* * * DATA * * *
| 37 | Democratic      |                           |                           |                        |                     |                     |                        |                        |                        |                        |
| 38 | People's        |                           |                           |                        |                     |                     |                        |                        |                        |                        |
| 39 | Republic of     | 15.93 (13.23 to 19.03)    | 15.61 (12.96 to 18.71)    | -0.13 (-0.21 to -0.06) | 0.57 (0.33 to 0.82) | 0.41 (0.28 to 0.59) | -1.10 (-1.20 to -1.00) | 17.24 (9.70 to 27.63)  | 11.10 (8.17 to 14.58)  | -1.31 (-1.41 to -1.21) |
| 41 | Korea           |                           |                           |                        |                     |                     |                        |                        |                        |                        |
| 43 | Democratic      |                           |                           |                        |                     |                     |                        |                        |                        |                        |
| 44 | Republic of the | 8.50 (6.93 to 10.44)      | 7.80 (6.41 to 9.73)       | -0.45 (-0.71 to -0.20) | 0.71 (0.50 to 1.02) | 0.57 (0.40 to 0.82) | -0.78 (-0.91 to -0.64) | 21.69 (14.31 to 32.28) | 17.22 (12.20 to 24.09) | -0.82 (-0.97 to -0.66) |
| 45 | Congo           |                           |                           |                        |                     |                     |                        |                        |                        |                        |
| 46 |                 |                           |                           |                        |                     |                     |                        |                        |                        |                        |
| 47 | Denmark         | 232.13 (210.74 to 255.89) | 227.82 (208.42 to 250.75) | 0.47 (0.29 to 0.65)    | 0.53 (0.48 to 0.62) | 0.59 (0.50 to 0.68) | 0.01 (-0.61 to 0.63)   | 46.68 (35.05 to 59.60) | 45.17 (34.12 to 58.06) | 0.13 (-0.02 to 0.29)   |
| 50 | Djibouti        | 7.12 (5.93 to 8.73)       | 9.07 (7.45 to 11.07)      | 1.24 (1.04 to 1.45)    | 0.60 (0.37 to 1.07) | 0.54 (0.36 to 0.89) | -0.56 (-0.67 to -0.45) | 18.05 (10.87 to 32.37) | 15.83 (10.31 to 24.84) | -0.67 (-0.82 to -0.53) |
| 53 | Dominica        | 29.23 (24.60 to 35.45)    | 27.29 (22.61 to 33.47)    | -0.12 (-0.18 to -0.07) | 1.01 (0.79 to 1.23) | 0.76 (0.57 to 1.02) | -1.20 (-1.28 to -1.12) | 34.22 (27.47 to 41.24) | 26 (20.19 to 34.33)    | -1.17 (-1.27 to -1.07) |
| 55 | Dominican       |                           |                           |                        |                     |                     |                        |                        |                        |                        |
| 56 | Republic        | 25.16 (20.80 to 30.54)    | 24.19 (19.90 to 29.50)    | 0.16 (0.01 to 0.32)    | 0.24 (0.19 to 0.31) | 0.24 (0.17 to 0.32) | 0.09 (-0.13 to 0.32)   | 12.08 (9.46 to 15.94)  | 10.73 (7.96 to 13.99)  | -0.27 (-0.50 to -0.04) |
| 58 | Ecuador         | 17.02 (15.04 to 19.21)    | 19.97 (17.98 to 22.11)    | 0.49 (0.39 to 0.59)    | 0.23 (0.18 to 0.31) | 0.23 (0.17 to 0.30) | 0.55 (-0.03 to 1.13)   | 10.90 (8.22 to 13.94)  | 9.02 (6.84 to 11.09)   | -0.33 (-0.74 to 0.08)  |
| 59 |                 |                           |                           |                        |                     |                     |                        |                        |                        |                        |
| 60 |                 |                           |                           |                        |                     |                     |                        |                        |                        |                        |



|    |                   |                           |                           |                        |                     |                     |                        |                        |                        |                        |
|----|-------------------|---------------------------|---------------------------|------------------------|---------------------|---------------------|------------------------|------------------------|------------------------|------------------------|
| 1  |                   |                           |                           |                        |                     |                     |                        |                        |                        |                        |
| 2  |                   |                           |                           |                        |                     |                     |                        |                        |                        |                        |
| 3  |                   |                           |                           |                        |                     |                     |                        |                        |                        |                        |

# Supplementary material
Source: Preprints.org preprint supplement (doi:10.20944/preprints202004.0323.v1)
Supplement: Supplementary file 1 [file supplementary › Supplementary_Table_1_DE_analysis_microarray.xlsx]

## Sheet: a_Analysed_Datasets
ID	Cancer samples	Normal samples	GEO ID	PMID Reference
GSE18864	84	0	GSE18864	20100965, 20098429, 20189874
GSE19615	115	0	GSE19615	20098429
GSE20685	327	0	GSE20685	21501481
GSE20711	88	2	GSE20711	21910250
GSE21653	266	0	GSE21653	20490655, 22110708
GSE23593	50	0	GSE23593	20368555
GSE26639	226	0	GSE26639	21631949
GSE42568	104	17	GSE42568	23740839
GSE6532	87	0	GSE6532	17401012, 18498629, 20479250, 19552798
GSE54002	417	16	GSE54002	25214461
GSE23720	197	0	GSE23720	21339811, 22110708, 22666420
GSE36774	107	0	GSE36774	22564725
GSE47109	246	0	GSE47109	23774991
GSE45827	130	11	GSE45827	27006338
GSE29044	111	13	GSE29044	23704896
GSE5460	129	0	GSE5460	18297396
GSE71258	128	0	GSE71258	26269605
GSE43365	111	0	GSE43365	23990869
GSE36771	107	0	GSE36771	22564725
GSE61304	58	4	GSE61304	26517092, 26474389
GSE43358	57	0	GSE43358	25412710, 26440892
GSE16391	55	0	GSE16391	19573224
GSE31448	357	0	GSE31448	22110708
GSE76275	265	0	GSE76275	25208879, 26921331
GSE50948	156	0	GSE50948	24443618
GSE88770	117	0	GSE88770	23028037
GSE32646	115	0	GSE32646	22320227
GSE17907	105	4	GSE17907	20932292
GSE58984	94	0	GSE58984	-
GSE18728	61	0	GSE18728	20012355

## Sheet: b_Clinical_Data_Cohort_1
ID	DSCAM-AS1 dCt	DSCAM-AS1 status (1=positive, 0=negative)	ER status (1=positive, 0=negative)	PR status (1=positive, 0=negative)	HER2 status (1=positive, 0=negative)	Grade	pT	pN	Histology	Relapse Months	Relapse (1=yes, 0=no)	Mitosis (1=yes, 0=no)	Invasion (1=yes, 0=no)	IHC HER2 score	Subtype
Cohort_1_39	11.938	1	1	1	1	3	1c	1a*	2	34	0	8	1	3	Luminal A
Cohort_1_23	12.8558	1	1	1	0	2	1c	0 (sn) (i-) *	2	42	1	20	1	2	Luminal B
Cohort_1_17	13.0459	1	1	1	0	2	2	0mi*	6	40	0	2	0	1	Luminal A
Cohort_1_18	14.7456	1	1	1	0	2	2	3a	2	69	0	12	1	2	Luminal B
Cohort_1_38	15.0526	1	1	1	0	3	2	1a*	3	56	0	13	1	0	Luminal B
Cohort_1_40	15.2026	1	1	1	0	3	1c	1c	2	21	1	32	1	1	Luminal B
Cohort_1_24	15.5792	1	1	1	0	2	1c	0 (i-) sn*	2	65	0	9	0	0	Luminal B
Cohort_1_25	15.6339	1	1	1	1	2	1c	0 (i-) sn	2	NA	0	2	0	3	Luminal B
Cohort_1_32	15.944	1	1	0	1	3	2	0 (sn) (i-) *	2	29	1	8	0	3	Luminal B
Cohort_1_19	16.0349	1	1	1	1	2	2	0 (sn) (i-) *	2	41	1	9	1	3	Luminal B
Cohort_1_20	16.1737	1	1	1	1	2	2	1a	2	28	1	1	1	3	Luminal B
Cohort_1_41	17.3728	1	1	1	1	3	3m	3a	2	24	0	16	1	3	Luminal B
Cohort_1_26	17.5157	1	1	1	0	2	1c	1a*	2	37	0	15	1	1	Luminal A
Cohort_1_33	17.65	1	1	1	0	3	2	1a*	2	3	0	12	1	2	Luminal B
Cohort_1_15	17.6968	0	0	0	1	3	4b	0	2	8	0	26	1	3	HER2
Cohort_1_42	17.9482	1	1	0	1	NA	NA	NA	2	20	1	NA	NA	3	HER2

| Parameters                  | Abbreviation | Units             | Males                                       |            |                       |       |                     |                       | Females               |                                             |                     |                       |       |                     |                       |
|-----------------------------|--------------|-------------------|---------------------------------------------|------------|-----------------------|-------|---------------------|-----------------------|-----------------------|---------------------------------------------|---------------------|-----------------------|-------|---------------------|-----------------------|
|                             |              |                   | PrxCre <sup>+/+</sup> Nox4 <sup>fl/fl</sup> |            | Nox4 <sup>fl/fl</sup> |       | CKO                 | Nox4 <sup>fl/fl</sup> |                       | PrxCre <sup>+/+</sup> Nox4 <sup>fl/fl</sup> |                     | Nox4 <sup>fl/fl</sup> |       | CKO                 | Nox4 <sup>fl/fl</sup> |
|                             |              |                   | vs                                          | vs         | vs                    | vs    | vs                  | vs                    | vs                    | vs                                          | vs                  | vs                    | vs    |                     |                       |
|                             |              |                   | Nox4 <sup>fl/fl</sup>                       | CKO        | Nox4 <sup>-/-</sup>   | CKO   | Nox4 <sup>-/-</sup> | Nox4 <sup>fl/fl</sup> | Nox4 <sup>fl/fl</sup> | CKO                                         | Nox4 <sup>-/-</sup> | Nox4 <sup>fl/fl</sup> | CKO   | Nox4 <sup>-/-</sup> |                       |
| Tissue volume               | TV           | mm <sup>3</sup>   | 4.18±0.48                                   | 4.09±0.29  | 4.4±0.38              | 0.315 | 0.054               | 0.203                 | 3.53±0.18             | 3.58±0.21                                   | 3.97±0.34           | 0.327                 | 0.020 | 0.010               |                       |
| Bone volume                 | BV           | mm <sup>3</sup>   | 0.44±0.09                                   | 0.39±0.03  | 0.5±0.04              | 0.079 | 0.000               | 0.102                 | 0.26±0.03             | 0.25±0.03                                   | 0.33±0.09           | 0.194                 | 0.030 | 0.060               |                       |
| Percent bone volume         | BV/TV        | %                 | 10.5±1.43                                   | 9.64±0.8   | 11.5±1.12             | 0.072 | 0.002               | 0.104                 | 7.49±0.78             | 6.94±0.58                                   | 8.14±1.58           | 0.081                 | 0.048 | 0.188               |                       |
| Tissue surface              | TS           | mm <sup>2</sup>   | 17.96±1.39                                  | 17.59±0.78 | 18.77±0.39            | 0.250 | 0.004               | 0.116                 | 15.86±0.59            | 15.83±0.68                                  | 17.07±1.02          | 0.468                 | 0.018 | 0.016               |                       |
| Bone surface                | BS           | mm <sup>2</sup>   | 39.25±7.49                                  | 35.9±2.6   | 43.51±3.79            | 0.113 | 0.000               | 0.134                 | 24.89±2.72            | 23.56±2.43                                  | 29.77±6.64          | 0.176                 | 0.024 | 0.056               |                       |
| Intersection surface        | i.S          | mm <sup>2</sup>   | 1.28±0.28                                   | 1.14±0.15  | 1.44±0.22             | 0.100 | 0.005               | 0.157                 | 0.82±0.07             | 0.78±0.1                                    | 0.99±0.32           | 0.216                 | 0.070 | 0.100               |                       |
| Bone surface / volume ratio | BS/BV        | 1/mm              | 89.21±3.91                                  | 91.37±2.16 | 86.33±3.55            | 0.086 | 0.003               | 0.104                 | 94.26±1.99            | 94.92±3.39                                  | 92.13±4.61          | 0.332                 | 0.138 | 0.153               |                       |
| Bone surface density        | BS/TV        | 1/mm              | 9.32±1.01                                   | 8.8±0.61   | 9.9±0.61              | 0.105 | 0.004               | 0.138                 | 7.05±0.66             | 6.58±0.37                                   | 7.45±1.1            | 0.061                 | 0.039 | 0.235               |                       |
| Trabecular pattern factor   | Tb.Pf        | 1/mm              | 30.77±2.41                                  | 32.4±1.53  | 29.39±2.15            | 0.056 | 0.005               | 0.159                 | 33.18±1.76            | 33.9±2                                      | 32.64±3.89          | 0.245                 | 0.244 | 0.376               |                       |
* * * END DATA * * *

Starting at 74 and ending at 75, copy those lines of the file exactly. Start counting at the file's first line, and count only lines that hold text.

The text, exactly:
Cohort_1_42	17.9482	1	1	0	1	NA	NA	NA	2	20	1	NA	NA	3	HER2

| Parameters                  | Abbreviation | Units             | Males                                       |            |                       |       |                     |                       | Females               |                                             |                     |                       |       |                     |                       |